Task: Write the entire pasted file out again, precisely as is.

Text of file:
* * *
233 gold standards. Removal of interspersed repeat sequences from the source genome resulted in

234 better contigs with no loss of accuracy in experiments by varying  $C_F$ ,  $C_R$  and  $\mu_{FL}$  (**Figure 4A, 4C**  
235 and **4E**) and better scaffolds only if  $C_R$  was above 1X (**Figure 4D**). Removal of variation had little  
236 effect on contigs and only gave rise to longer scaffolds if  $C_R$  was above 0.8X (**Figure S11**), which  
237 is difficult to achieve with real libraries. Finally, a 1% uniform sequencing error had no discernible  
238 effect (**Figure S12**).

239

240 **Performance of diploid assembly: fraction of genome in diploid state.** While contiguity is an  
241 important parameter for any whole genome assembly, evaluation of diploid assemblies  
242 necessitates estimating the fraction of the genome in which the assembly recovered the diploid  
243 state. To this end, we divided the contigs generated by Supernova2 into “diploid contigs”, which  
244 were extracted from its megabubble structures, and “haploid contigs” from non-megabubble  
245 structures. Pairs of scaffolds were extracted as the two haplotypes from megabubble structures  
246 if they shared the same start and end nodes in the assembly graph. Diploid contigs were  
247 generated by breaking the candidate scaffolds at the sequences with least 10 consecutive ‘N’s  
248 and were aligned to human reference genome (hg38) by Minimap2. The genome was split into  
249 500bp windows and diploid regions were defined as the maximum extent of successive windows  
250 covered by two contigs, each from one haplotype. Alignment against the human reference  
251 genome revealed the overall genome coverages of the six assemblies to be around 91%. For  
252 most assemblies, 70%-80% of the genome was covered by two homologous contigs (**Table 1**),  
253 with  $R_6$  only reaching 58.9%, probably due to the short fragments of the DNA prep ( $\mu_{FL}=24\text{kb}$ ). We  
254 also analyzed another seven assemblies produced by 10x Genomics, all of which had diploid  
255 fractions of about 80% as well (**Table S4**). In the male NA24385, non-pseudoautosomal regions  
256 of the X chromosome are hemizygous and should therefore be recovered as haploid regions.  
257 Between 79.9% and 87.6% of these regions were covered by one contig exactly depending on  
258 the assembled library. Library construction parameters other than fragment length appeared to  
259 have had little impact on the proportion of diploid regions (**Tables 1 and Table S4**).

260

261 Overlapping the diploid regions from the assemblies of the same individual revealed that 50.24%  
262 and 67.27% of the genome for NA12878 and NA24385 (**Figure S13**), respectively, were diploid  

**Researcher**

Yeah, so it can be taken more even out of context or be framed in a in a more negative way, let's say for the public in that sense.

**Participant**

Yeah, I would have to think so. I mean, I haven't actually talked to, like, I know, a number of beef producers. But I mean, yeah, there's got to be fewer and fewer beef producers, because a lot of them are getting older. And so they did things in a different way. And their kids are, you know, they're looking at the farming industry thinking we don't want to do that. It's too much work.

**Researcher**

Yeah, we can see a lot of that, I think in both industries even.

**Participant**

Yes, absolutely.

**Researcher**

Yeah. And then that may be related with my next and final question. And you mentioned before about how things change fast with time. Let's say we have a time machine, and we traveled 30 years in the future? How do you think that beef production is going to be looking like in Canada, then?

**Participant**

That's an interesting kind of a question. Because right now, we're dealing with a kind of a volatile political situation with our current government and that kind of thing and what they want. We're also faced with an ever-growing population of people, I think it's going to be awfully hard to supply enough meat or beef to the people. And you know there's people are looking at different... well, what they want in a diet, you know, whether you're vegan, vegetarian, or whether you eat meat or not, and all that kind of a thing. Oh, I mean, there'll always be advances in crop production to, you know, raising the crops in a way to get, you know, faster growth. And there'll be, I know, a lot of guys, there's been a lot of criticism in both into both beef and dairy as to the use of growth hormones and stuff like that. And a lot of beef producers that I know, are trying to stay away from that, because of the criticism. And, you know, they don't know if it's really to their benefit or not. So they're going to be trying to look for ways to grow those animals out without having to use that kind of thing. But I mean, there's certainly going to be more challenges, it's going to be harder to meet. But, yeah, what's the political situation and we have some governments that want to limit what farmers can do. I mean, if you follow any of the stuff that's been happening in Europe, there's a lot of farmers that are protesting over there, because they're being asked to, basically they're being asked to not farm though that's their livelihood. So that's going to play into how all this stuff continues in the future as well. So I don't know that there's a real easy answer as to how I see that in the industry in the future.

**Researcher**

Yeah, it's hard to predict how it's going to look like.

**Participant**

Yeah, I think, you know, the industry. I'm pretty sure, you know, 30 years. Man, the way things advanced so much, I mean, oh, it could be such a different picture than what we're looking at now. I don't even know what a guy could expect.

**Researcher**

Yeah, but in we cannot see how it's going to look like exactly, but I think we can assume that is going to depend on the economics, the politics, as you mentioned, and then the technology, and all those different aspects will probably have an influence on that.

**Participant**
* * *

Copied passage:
233 gold standards. Removal of interspersed repeat sequences from the source genome resulted in

234 better contigs with no loss of accuracy in experiments by varying  $C_F$ ,  $C_R$  and  $\mu_{FL}$  (**Figure 4A, 4C**  
235 and **4E**) and better scaffolds only if  $C_R$  was above 1X (**Figure 4D**). Removal of variation had little  
236 effect on contigs and only gave rise to longer scaffolds if  $C_R$  was above 0.8X (**Figure S11**), which  
237 is difficult to achieve with real libraries. Finally, a 1% uniform sequencing error had no discernible  
238 effect (**Figure S12**).

239

240 **Performance of diploid assembly: fraction of genome in diploid state.** While contiguity is an  
241 important parameter for any whole genome assembly, evaluation of diploid assemblies  
242 necessitates estimating the fraction of the genome in which the assembly recovered the diploid  
243 state. To this end, we divided the contigs generated by Supernova2 into “diploid contigs”, which  
244 were extracted from its megabubble structures, and “haploid contigs” from non-megabubble  
245 structures. Pairs of scaffolds were extracted as the two haplotypes from megabubble structures  
246 if they shared the same start and end nodes in the assembly graph. Diploid contigs were  
247 generated by breaking the candidate scaffolds at the sequences with least 10 consecutive ‘N’s  
248 and were aligned to human reference genome (hg38) by Minimap2. The genome was split into  
249 500bp windows and diploid regions were defined as the maximum extent of successive windows  
250 covered by two contigs, each from one haplotype. Alignment against the human reference  
251 genome revealed the overall genome coverages of the six assemblies to be around 91%. For  
252 most assemblies, 70%-80% of the genome was covered by two homologous contigs (**Table 1**),  
253 with  $R_6$  only reaching 58.9%, probably due to the short fragments of the DNA prep ( $\mu_{FL}=24\text{kb}$ ). We  
254 also analyzed another seven assemblies produced by 10x Genomics, all of which had diploid  
255 fractions of about 80% as well (**Table S4**). In the male NA24385, non-pseudoautosomal regions  
256 of the X chromosome are hemizygous and should therefore be recovered as haploid regions.  
257 Between 79.9% and 87.6% of these regions were covered by one contig exactly depending on  
258 the assembled library. Library construction parameters other than fragment length appeared to  
259 have had little impact on the proportion of diploid regions (**Tables 1 and Table S4**).

260

261 Overlapping the diploid regions from the assemblies of the same individual revealed that 50.24%  
262 and 67.27% of the genome for NA12878 and NA24385 (**Figure S13**), respectively, were diploid  

**Researcher**

Yeah, so it can be taken more even out of context or be framed in a in a more negative way, let's say for the public in that sense.

**Participant**

Yeah, I would have to think so. I mean, I haven't actually talked to, like, I know, a number of beef producers. But I mean, yeah, there's got to be fewer and fewer beef producers, because a lot of them are getting older. And so they did things in a different way. And their kids are, you know, they're looking at the farming industry thinking we don't want to do that. It's too much work.

**Researcher**

Yeah, we can see a lot of that, I think in both industries even.

**Participant**

Yes, absolutely.

**Researcher**

Yeah. And then that may be related with my next and final question. And you mentioned before about how things change fast with time. Let's say we have a time machine, and we traveled 30 years in the future? How do you think that beef production is going to be looking like in Canada, then?

**Participant**

That's an interesting kind of a question. Because right now, we're dealing with a kind of a volatile political situation with our current government and that kind of thing and what they want. We're also faced with an ever-growing population of people, I think it's going to be awfully hard to supply enough meat or beef to the people. And you know there's people are looking at different... well, what they want in a diet, you know, whether you're vegan, vegetarian, or whether you eat meat or not, and all that kind of a thing. Oh, I mean, there'll always be advances in crop production to, you know, raising the crops in a way to get, you know, faster growth. And there'll be, I know, a lot of guys, there's been a lot of criticism in both into both beef and dairy as to the use of growth hormones and stuff like that. And a lot of beef producers that I know, are trying to stay away from that, because of the criticism. And, you know, they don't know if it's really to their benefit or not. So they're going to be trying to look for ways to grow those animals out without having to use that kind of thing. But I mean, there's certainly going to be more challenges, it's going to be harder to meet. But, yeah, what's the political situation and we have some governments that want to limit what farmers can do. I mean, if you follow any of the stuff that's been happening in Europe, there's a lot of farmers that are protesting over there, because they're being asked to, basically they're being asked to not farm though that's their livelihood. So that's going to play into how all this stuff continues in the future as well. So I don't know that there's a real easy answer as to how I see that in the industry in the future.

**Researcher**

Yeah, it's hard to predict how it's going to look like.

**Participant**

Yeah, I think, you know, the industry. I'm pretty sure, you know, 30 years. Man, the way things advanced so much, I mean, oh, it could be such a different picture than what we're looking at now. I don't even know what a guy could expect.

**Researcher**

Yeah, but in we cannot see how it's going to look like exactly, but I think we can assume that is going to depend on the economics, the politics, as you mentioned, and then the technology, and all those different aspects will probably have an influence on that.

**Participant**